“We are working with IDC on a ROI calcualtor, which will enable any organisation to go to our web site, plug in their figures, and find out immediately what level of saving they can make in next three months, six months or one year if they implement UniCenter,” explains Riyaz.

However, the vendors also claim that their ROI calculation and guarantees are intrinsically linked to the honesty of their customers.

“BMC Software made a commitment two years ago, in terms of fastest ROI. But the ROI model relies on the costs of the enterprise and the enterprise being honest about their costs and the impact of those costs,” says Peck.

Middle East enterprises seem to be recognising the benefits that enterprise management solutions can offer. Even though the local market is largely characterised by small-to-medium businesses (SMBs), according to the vendors the market is full of potential customers.

“We are targeting the top 25% of companies, but not really targeting the low end, small companies,” says Micromuse’s Koutsikos.

“There are a lot of conglomerates in the Middle East, probably 50 in the UAE alone, and Saudi Arabia has about 150. This is very good for us,” he adds.

Moving down the scale, CA’s Riyaz says the vendor’s change in strategy was in part inspired by the possibility of attracting smaller enterprises that were previously deterred by large framework solutions.

“The transformation from UniCenter TNG to UniCenter 3.0 was specifically made with the SMB market in mind. There was a perception that Unicenter and other framework products took three-to-five years to implement with ROI coming in after three years,” comments Riyaz.

“In this region we have some very small entities that are using components of UniCenter and they are up and running in two days time,” he adds.

BMC’s Peck also agrees that the SMB market can benefit from enterprise management solutions, often witnessing faster ROI and smoother implementations.

But he also argues that the costs of selling and deploying a management solution to SMBs can pose a challenge to a vendor’s delivery model.

“In some ways there is a faster ROI for some of the SMBs. But the difficulty is how we service these smaller organisations. Sometimes it can cost more selling to a small organisation than to a big one, but the potential return from a big organisation because they have a lot more servers and a larger network are a lot greater,” he explains.

According to both vendors and analysts, the benefits of enterprise management solutions are clear. As businesses increasingly move online, enterprises need to have the 24x7 system uptime and availability that management solutions provide.

“Organisations are looking at reducing the downtime of all components whether it’s the network, the servers or the applications because they are moving more and more to a 24 hour business. In addition, if you don’t have the tools in place to ensure that your response to your customers is good then you are going to lose your competitive edge,” states Peck.

||**||Service level agreements|~||~||~|As Middle East enterprises begin to awaken to the benefits of enterprise management solutions, they are also beginning to investigate the possibilities of implementing service level agreements (SLAs).

Although, much of the of the talk about SLAs in the region, remains just that — talk, the emergence of entities such as Dubai Internet City (DIC) and Dubai Media City have placed an increasing emphasis on the necessity of for such agreements.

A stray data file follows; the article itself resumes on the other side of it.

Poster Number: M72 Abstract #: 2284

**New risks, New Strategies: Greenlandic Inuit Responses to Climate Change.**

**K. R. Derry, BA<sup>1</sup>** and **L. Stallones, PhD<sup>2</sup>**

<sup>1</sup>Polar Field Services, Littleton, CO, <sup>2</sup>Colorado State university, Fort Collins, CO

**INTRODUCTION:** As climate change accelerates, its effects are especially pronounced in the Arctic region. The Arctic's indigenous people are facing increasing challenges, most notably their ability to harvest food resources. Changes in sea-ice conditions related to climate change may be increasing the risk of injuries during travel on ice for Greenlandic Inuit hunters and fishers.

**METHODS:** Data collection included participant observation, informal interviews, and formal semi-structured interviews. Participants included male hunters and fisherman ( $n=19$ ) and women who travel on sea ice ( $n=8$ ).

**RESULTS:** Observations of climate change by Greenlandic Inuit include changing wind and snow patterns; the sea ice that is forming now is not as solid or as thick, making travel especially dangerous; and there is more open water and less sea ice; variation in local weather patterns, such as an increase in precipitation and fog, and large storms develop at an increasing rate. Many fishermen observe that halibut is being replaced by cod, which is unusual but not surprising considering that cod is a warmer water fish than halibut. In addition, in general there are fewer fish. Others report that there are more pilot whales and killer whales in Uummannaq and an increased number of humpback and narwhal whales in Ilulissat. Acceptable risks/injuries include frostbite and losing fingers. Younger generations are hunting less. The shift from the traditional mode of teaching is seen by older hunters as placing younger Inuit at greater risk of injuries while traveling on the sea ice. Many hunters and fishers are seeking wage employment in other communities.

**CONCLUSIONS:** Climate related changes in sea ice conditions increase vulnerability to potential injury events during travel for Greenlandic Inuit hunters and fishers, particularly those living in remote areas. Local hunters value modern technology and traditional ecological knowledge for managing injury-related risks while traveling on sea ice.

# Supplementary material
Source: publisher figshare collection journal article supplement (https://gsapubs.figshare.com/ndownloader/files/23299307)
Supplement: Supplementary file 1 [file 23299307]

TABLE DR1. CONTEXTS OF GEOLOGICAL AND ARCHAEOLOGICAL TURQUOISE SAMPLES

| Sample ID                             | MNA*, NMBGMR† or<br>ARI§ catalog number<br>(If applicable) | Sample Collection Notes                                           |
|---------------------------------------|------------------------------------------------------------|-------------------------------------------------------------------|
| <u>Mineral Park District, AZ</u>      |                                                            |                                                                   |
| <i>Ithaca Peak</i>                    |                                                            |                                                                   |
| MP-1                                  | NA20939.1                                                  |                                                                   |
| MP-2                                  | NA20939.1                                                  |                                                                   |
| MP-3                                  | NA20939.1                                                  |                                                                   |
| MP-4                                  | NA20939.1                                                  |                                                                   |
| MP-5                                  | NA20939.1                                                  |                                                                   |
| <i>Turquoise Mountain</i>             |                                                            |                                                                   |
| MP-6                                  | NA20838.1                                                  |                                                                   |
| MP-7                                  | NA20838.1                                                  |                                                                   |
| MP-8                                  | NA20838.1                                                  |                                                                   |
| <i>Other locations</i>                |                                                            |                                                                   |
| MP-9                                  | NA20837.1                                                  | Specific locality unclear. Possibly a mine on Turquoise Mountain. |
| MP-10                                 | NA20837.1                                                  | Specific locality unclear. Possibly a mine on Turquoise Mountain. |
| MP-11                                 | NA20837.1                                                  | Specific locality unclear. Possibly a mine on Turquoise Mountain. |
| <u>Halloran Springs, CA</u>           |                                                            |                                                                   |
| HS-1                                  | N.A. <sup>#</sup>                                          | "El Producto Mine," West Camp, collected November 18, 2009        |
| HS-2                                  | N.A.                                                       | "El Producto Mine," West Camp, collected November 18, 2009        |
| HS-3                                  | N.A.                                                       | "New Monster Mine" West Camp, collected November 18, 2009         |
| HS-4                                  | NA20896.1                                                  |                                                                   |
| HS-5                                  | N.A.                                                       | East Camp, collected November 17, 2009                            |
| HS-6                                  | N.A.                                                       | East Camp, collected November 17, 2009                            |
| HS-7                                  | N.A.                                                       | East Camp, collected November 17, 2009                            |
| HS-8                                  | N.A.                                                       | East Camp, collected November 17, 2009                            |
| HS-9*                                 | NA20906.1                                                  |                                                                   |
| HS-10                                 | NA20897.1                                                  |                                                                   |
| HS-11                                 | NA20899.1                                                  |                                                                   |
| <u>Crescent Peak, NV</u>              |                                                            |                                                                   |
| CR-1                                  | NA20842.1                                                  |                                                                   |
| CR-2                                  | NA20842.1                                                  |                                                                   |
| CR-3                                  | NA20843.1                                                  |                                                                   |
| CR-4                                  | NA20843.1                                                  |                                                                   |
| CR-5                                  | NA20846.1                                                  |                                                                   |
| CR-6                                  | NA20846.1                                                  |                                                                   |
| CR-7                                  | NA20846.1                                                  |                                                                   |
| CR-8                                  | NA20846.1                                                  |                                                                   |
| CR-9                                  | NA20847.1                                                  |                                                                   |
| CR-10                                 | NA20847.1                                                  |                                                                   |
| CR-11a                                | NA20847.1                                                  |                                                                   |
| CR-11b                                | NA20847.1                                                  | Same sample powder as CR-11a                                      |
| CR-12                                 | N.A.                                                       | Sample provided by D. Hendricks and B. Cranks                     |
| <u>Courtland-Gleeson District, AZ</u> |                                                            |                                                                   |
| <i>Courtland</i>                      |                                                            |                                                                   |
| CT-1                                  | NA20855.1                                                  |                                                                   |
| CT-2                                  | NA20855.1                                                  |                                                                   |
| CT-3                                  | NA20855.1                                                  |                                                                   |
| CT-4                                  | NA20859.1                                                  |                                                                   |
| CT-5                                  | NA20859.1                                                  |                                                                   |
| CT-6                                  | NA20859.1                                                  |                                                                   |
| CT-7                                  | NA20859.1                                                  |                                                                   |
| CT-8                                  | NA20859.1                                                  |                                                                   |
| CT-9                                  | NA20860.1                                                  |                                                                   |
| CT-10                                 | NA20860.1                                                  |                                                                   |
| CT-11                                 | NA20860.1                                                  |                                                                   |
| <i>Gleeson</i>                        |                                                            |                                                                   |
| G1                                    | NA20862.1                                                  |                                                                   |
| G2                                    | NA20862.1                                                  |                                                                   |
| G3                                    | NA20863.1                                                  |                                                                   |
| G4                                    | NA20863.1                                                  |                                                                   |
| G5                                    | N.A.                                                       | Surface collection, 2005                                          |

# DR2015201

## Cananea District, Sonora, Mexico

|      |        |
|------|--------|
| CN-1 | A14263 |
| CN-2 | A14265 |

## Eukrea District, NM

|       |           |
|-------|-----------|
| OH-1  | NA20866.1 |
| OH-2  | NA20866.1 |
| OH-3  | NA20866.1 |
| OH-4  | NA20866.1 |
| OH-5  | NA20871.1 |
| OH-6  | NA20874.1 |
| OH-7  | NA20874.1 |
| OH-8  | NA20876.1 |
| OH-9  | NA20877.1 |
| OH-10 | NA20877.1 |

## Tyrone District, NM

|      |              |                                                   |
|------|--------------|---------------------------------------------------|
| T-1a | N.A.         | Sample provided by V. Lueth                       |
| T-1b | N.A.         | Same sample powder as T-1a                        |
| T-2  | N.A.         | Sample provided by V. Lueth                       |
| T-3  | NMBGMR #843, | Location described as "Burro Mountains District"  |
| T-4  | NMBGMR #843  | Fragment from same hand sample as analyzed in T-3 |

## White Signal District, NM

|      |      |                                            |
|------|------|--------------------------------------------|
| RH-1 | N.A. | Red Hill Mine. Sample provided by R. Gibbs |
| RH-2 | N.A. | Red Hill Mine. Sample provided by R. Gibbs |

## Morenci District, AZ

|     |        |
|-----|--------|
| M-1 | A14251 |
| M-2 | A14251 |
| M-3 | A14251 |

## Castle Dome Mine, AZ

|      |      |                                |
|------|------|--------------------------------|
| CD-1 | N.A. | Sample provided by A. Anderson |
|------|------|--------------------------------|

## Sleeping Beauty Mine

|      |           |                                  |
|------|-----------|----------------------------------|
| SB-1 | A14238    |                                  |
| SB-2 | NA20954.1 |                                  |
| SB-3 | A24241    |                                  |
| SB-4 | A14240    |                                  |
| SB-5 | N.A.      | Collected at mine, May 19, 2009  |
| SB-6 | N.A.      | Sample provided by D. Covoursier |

“Most of the IT managers [in the Middle East] are talking about SLAs. The term is becoming very popular but what is lacking is an understanding of what it takes to create, measure and sign a SLA,” comments Anas Jwaied, regional sales manager, software sales organisation, HP, Middle East & North Africa.

“Enterprises are beginning to look at Quality of Service (QoS), and people are talking about service driven IT organisations and of course SLAs are the legal measure and contract between the service provider and the end user/customer,” he explains.

DIC is in the process of creating SLAs for its tenants, and HP’s OpenView platform will provide the technical cornerstone when the SLAs are finally put in place.

“OpenView helps in SLA management, monitoring and reporting,” says Faisal Aljundi, network performance team leader, technology department, DIC. “We will be ready technically for SLA contracts this year — but it still needs a lot of work,” he adds.

Vendors are quick to claim that deploying enterprise management solutions enables enterprises to develop SLAs that align and stipulate business and IT practises. But SLA efforts within the region are not yet this advanced, and remain restricted to the IT side of enterprises.

“Companies are beginning to see the need to put SLAs in place with the IT team, which are business related as opposed to technology related. But we are a little bit away from that in the Middle East. We are getting to the technology SLAs,” says Tim Peck, regional manager, BMC Software.

However, as outsourced and managed services begin to gather momentum in the Middle East, and enterprises move increasingly to online, 24x7 e-business models, SLAs will also evolve from simply regulating internal procedures and IT services.

“Service level agreements are starting to move outside of the organisation. Initially, the IT manager or chief information officer (CIO) was responsible just to his internal management and if something went wrong, he was answerable only to the company,” explains Abdul Karim Riyaz, marketing manager, Computer Associates Middle East. “But with e-business increasing, companies are looking to partner with other enterprises that can guarantee reliable 24x7 service. And this means SLAs are moving out of the enterprise,” he adds.